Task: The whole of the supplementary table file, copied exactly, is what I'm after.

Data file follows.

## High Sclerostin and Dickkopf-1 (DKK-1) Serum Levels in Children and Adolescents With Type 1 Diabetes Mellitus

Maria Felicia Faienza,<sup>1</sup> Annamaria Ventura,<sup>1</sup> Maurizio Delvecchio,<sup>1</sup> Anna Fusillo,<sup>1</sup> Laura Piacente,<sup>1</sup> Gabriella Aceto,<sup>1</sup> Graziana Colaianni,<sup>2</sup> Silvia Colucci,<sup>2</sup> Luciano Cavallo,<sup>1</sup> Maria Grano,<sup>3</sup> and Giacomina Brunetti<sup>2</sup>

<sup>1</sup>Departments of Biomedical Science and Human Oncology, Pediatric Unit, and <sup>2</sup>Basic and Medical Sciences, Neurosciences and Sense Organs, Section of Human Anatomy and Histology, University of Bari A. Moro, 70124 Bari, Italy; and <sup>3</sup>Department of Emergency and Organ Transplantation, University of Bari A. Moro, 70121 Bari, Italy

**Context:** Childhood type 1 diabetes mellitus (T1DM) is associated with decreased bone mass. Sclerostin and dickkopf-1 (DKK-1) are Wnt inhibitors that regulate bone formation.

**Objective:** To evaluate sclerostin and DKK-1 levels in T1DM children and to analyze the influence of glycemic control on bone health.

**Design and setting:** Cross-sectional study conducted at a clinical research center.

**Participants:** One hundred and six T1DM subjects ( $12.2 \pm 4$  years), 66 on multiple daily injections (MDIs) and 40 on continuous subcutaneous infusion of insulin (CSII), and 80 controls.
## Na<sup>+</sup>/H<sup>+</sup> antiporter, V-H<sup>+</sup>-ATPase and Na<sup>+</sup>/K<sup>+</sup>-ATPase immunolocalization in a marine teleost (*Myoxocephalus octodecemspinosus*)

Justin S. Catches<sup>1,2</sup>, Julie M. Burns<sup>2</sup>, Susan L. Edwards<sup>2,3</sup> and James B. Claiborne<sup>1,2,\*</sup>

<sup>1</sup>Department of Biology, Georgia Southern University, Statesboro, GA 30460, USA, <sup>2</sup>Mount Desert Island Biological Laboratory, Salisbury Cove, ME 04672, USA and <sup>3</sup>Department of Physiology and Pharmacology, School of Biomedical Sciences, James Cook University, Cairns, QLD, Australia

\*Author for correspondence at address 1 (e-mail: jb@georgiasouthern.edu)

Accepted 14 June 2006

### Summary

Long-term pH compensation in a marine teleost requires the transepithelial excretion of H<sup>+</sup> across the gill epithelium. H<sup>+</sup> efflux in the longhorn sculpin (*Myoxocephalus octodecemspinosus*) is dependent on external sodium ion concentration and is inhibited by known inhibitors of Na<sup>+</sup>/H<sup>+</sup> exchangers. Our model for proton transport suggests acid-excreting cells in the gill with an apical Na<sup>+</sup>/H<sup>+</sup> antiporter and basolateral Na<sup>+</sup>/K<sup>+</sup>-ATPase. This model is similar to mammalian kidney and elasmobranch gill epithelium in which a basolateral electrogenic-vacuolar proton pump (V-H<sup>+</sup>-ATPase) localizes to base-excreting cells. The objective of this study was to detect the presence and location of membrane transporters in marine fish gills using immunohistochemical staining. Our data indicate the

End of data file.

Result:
## High Sclerostin and Dickkopf-1 (DKK-1) Serum Levels in Children and Adolescents With Type 1 Diabetes Mellitus

Maria Felicia Faienza,<sup>1</sup> Annamaria Ventura,<sup>1</sup> Maurizio Delvecchio,<sup>1</sup> Anna Fusillo,<sup>1</sup> Laura Piacente,<sup>1</sup> Gabriella Aceto,<sup>1</sup> Graziana Colaianni,<sup>2</sup> Silvia Colucci,<sup>2</sup> Luciano Cavallo,<sup>1</sup> Maria Grano,<sup>3</sup> and Giacomina Brunetti<sup>2</sup>

<sup>1</sup>Departments of Biomedical Science and Human Oncology, Pediatric Unit, and <sup>2</sup>Basic and Medical Sciences, Neurosciences and Sense Organs, Section of Human Anatomy and Histology, University of Bari A. Moro, 70124 Bari, Italy; and <sup>3</sup>Department of Emergency and Organ Transplantation, University of Bari A. Moro, 70121 Bari, Italy

**Context:** Childhood type 1 diabetes mellitus (T1DM) is associated with decreased bone mass. Sclerostin and dickkopf-1 (DKK-1) are Wnt inhibitors that regulate bone formation.

**Objective:** To evaluate sclerostin and DKK-1 levels in T1DM children and to analyze the influence of glycemic control on bone health.

**Design and setting:** Cross-sectional study conducted at a clinical research center.

**Participants:** One hundred and six T1DM subjects ( $12.2 \pm 4$  years), 66 on multiple daily injections (MDIs) and 40 on continuous subcutaneous infusion of insulin (CSII), and 80 controls.
## Na<sup>+</sup>/H<sup>+</sup> antiporter, V-H<sup>+</sup>-ATPase and Na<sup>+</sup>/K<sup>+</sup>-ATPase immunolocalization in a marine teleost (*Myoxocephalus octodecemspinosus*)

Justin S. Catches<sup>1,2</sup>, Julie M. Burns<sup>2</sup>, Susan L. Edwards<sup>2,3</sup> and James B. Claiborne<sup>1,2,\*</sup>

<sup>1</sup>Department of Biology, Georgia Southern University, Statesboro, GA 30460, USA, <sup>2</sup>Mount Desert Island Biological Laboratory, Salisbury Cove, ME 04672, USA and <sup>3</sup>Department of Physiology and Pharmacology, School of Biomedical Sciences, James Cook University, Cairns, QLD, Australia

\*Author for correspondence at address 1 (e-mail: jb@georgiasouthern.edu)

Accepted 14 June 2006

### Summary

Long-term pH compensation in a marine teleost requires the transepithelial excretion of H<sup>+</sup> across the gill epithelium. H<sup>+</sup> efflux in the longhorn sculpin (*Myoxocephalus octodecemspinosus*) is dependent on external sodium ion concentration and is inhibited by known inhibitors of Na<sup>+</sup>/H<sup>+</sup> exchangers. Our model for proton transport suggests acid-excreting cells in the gill with an apical Na<sup>+</sup>/H<sup>+</sup> antiporter and basolateral Na<sup>+</sup>/K<sup>+</sup>-ATPase. This model is similar to mammalian kidney and elasmobranch gill epithelium in which a basolateral electrogenic-vacuolar proton pump (V-H<sup>+</sup>-ATPase) localizes to base-excreting cells. The objective of this study was to detect the presence and location of membrane transporters in marine fish gills using immunohistochemical staining. Our data indicate the